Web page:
Creepy Classics:

The Lottery

A cautionary short story about the dangers of unexamined traditions and the dark side of human nature.

I read this for the first time not all that long ago and holy crap! I still find myself uneasily examining it. It is engrossing and thought-provoking. It’s also believable, which makes it even more unsettling.

Frankenstein

If I cannot inspire love, I will cause fear!

The idea of a reanimated corpse was famously conceived by an 18 year old Mary Shelley on holiday with her future husband Percy Bysshe Shelley and Lord Byron near Lake Geneva, Switzerland. The three were tasked with writing a ghost story, which resulted in one of the most famous novels to come from the 19th century. Published anonymously in a three volume series, Frankenstein instantly set the standard for a true literary horror and its themes led many to believe it was the first true science fiction novel. In 1831 and after much pressure, Mary Shelley revised the text to be more fitting to contemporary standards. Presented here by Reader’s Library Classics is the original 1818 text of Frankenstein.

Young scientist Victor Frankenstein, grief-stricken over the death of his mother, sets out in a series of laboratory experiments testing the ability to create life from non-living matter. Soon, his experiments progress further until he creates a humanoid creature eight feet tall. But as Frankenstein soon discovers, a successful experiment does not always equal a positive outcome. (taken from Amazon)

Of course I had to have Frankenstein on this list! There’s nothing quite so scary as watching a human play God.

The Picture of Dorian Gray

A morality tale or a cautionary tale against the dangers of excess and vice? In the Picture of Dorian Gray, the protagonist sells his soul for youth and eternal beauty. While Dorian lives a decadent and deceitful life, only his picture portrait is affected by the traces of his wickedness and decadence. Oscar Wilde’s only novel offended the moral sensibilities of most of England in 1890 and over a century later, the story endures as one of the most popular classics of the gothic horror genre. (taken from Amazon

I generally prefer thought-provoking gothic horrors to gore-fests, and The Picture of Dorian Gray is one of the best examples of a smart gothic horror that I’ve read. If you haven’t picked this one up yet, I highly suggest you do.

There are many other great spooky reads that didn’t make this list, mainly because it would be way too long if I added everything. What are some of your favorite spooktastic reads?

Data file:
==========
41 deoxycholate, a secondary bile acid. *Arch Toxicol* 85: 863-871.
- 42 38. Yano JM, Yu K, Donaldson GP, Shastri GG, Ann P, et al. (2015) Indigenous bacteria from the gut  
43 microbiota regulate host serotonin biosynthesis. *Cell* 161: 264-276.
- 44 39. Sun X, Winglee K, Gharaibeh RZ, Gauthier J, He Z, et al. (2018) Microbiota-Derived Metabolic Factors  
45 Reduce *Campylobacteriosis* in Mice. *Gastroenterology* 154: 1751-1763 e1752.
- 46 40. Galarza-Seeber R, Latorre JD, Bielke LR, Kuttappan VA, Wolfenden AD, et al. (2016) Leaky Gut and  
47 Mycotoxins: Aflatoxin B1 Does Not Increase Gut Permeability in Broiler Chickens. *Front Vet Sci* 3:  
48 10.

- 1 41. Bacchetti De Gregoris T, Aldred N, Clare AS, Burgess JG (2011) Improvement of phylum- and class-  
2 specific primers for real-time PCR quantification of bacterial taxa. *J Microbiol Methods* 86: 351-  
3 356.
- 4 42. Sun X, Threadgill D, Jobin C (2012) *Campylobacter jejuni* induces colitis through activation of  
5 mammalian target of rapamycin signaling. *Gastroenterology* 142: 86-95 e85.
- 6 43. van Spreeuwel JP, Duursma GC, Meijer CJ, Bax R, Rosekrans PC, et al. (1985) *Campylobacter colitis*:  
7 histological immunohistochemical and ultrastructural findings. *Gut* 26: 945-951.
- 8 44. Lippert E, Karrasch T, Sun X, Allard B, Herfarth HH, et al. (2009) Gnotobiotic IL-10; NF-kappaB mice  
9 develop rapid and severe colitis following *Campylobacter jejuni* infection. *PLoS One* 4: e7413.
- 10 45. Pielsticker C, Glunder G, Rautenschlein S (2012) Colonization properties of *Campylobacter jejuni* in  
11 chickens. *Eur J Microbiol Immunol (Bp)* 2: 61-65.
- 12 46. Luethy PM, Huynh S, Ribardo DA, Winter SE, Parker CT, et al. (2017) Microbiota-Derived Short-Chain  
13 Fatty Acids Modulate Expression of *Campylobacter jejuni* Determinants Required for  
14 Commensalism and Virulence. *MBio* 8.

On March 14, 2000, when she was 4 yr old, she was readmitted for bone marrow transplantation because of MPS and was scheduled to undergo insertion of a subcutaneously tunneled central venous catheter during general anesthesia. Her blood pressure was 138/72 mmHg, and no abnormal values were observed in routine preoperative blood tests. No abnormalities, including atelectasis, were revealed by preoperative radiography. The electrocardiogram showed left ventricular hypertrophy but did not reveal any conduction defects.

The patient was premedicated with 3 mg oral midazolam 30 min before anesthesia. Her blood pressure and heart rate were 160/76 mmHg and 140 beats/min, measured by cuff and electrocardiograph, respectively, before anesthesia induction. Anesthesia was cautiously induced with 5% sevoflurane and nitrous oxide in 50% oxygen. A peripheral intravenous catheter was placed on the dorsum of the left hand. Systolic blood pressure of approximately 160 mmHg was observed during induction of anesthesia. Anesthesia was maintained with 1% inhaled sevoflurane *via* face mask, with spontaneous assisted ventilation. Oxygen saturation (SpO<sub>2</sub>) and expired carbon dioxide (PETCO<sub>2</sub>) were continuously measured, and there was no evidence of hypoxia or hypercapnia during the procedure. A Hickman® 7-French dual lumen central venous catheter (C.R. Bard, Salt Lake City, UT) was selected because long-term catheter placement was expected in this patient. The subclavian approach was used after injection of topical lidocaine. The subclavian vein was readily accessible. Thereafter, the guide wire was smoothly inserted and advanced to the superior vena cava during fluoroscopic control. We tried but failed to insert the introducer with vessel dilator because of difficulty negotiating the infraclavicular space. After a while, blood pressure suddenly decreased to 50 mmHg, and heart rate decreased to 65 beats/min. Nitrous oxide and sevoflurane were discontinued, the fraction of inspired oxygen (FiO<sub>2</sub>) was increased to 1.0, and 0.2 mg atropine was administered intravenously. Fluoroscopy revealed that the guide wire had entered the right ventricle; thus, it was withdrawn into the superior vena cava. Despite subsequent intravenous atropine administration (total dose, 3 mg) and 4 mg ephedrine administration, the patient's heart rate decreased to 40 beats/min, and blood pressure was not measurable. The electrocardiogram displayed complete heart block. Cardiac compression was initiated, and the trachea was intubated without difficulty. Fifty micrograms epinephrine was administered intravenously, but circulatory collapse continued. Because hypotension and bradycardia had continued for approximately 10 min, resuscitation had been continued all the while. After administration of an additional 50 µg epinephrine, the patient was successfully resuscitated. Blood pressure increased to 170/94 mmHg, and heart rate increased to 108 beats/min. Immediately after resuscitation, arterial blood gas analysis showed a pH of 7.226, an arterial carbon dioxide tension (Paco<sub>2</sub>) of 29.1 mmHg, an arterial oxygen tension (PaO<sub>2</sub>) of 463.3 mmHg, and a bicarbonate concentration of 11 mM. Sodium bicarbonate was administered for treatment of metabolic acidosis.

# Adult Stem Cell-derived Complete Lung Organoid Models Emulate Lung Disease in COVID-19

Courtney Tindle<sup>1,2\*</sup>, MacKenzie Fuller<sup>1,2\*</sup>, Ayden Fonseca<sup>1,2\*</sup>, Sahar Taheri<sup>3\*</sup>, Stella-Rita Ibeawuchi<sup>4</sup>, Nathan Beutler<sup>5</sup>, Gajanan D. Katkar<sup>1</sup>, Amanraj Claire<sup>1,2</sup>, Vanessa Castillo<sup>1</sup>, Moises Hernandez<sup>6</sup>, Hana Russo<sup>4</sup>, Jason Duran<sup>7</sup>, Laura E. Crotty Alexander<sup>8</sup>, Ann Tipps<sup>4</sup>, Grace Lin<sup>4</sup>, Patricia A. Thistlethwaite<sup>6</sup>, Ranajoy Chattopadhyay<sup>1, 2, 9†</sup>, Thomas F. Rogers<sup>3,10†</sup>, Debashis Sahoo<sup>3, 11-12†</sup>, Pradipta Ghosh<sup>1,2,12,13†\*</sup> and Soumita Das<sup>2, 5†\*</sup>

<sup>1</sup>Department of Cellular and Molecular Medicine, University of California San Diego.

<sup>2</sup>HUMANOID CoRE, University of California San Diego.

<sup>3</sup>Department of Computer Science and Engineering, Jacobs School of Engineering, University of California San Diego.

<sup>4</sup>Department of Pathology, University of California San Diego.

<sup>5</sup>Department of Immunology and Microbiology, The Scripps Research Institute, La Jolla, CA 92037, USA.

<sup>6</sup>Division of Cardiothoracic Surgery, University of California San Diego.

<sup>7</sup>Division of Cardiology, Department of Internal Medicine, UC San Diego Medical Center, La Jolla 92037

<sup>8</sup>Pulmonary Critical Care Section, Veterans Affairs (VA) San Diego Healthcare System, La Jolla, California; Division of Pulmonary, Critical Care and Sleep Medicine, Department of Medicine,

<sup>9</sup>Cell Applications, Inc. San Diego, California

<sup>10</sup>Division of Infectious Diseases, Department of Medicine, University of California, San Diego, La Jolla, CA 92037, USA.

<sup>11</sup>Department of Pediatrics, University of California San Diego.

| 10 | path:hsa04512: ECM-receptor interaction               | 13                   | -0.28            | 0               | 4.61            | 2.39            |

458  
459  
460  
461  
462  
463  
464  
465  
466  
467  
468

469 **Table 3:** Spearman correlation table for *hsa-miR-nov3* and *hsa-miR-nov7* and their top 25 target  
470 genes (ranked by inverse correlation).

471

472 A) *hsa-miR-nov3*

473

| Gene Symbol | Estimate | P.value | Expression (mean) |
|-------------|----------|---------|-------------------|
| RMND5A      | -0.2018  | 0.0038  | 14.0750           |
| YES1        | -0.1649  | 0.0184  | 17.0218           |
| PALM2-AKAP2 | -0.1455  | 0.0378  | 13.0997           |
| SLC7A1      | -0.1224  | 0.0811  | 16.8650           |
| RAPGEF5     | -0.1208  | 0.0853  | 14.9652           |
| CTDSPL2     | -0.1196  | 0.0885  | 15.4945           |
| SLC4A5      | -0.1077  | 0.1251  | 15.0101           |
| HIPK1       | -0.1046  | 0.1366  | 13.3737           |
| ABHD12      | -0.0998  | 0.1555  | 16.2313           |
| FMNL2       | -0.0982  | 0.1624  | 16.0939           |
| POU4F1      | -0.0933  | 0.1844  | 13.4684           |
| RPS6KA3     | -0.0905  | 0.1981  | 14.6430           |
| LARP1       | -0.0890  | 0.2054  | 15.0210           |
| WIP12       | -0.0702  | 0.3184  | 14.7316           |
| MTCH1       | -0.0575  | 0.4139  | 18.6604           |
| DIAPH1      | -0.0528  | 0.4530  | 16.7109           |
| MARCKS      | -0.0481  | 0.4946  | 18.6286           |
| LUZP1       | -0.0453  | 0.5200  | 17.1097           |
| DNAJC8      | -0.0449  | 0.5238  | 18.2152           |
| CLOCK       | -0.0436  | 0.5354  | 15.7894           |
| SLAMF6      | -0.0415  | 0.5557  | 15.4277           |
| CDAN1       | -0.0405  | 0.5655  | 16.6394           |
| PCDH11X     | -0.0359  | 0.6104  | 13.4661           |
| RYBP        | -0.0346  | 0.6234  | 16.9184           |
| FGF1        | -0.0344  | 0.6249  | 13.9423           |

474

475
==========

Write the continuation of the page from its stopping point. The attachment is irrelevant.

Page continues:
Universal Monsters Book Tag

I don’t do tags all that often and I’ve only ever created two, this being one of them. I had so much fun with this one a couple of years ago that I decided to do it again this year. So, without further ado: bring on the monsters!

Dracula- a book with a charismatic villain:

Oh, how I love Lestat! He’s spoiled and changeable, charming and utterly ruthless. I may not be a fan of Anne Rice’s most recent vampire books (way to kick that dead horse!), but early Lestat is viciously fantastic.

The Invisible Man- a book that has more going on than meets the eye:

What starts out as a seemingly lighthearted town gathering becomes something much darker, in true Jackson style. I read The Lottery for the first time this year and was disturbed and enthralled in equal measure. This short story made me think and is definitely more than it seems on the surface. Review

Wolfman- a complicated character:

Every single character in If We Were Villains was incredibly complex. One of the many things I loved about the book was seeing how the characters unraveled and seeing hidden aspects of their personalities revealed. Review

Frankenstein- a book with a misunderstood character:

Umhra is a half-orc and is looked down on and distrusted because of it. It adds another layer to an already extremely well-developed character. Paladin Unbound is one of my favorite books of the year and I have started recommending it to people a lot. Review

The Bride of Frankenstein- a sequel you enjoyed more than the first book:

Full disclosure: I am not quite finished with this book yet. However, as of right now I am loving it. It seems like the few niggles I had with The Bone Shard Daughter are absent. Plus, Mephi is there from the beginning, which is wonderful!

Creature from the Black Lagoon- an incredibly unique book: